16. Ensuring access to all agreed English versions of all National Strategic Reference
            Frameworks and Operational Programmes to civil society organisations

Better transparency and access to information

        17. Setting up of a mailing list of NGOs active on structural funds, to ensure that key
            information reaches out to those concerned

        18. Providing access to programming documents in current EU procedural languages.

    Referred to in title VIII of the structural funds’ general regulation.

1. Partnership with social NGOs recognized as success factor for ESF and ERDF

Added value

The added value of partnership with NGOs in structural funds can be summarised as follows:
more transparency, democracy, better circulation of information towards potential
beneficiaries and better spending.

A formal recognition in the structural funds’ regulation

Building upon such recognition, the new Article 11 of the structural funds regulation makes
explicit reference to partnership with NGOs. Article 3.1.e and 5 of the ESF regulation mention
it explicitly as a priority of ESF funding, putting structural funds in line with EU good
governance principles (as expressed in the White Paper on Governance, Minimum Standards
on Consultation, and the Transparency Initiative).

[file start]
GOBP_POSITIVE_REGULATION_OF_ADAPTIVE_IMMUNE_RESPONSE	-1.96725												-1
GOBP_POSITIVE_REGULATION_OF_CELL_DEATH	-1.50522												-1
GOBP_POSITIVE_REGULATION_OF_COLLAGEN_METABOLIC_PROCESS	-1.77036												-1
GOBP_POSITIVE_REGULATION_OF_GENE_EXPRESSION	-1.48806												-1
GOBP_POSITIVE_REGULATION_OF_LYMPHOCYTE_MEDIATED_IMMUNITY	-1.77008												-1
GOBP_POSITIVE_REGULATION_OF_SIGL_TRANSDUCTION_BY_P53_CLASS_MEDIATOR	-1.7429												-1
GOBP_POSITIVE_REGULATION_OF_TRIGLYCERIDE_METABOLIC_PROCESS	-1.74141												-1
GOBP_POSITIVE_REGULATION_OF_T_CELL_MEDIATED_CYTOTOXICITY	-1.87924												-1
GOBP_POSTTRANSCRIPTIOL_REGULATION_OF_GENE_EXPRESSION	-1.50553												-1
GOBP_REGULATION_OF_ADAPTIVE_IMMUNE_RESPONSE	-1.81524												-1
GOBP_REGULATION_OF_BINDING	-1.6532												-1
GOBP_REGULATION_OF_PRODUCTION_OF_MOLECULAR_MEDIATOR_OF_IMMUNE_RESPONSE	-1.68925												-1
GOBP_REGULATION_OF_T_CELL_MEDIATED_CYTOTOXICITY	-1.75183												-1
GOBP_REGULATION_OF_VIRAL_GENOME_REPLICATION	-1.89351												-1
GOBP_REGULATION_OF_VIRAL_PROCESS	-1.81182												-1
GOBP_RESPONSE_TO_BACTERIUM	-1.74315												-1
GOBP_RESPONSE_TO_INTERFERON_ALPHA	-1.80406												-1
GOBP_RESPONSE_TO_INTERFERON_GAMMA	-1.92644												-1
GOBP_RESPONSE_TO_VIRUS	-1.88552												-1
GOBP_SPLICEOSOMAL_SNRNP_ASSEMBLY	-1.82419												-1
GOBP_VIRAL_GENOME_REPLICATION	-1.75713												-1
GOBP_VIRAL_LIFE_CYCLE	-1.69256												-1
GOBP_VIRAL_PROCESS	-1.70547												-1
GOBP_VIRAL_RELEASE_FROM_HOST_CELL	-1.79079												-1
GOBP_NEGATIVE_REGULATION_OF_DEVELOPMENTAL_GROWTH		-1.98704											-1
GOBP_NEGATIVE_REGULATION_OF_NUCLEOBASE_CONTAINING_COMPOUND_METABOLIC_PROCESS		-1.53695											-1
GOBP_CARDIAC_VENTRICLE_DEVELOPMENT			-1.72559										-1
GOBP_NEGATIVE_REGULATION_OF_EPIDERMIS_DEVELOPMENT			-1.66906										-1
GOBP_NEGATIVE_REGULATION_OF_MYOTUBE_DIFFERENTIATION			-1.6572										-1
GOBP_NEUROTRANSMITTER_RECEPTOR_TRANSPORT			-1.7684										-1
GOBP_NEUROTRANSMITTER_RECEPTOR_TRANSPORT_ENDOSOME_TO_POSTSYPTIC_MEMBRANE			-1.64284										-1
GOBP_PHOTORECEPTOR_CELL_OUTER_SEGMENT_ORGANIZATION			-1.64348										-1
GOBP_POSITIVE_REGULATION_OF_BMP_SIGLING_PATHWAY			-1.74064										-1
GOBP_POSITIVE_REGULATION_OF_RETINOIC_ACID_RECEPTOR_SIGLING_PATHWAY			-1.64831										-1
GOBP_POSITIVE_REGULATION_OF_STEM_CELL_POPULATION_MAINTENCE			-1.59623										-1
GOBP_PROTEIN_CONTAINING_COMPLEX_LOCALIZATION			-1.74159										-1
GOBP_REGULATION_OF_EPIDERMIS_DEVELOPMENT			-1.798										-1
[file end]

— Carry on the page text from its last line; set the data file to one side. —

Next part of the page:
EU NGOs as a channel for transparency and information

National, regional and local NGOs involved with structural funds receive an important amount
of information from the EU NGO networks of which they are members. This is complementary
to national channels: better information to EU level NGOs is therefore crucial to reach out to
the grassroots.

2. Lack of significant steps forward

Increased subsidiarity for this programming period has resulted in an absence of EU
guidelines on partnership with NGOs, although Member States can learn a lot from each
other in this field. This absence of level playing field is all the more worrying given the end of
EQUAL which had been an important catalyst for better governance.
Concrete steps were taken to support dialogue with social partners and their access to ESF .
Yet nothing comparable happened with regard to NGOs, despite their important role in the
fight against exclusion and to promote active inclusion in the labour market.

EU level technical assistance (Article 9 of the ESF regulation) could be used to improve
partnership with NGOs at EU level, promote networking and thus help NGOs channel the
information back to their constituencies. Yet this potential has not been used so far (while
similar approaches do exist for social partners).

It is quite unlikely that transnational projects under ESF will address this gap.

                      Rachel Buchanan, Policy Officer, AGE,
                          Julien Dijol, Policy Coordinator, CECODHAS,
         Elodie Fazi, Policy Officer, European Anti-Poverty Network,
         Javier Güemes, Policy Officer, European Disability Forum,

    See for example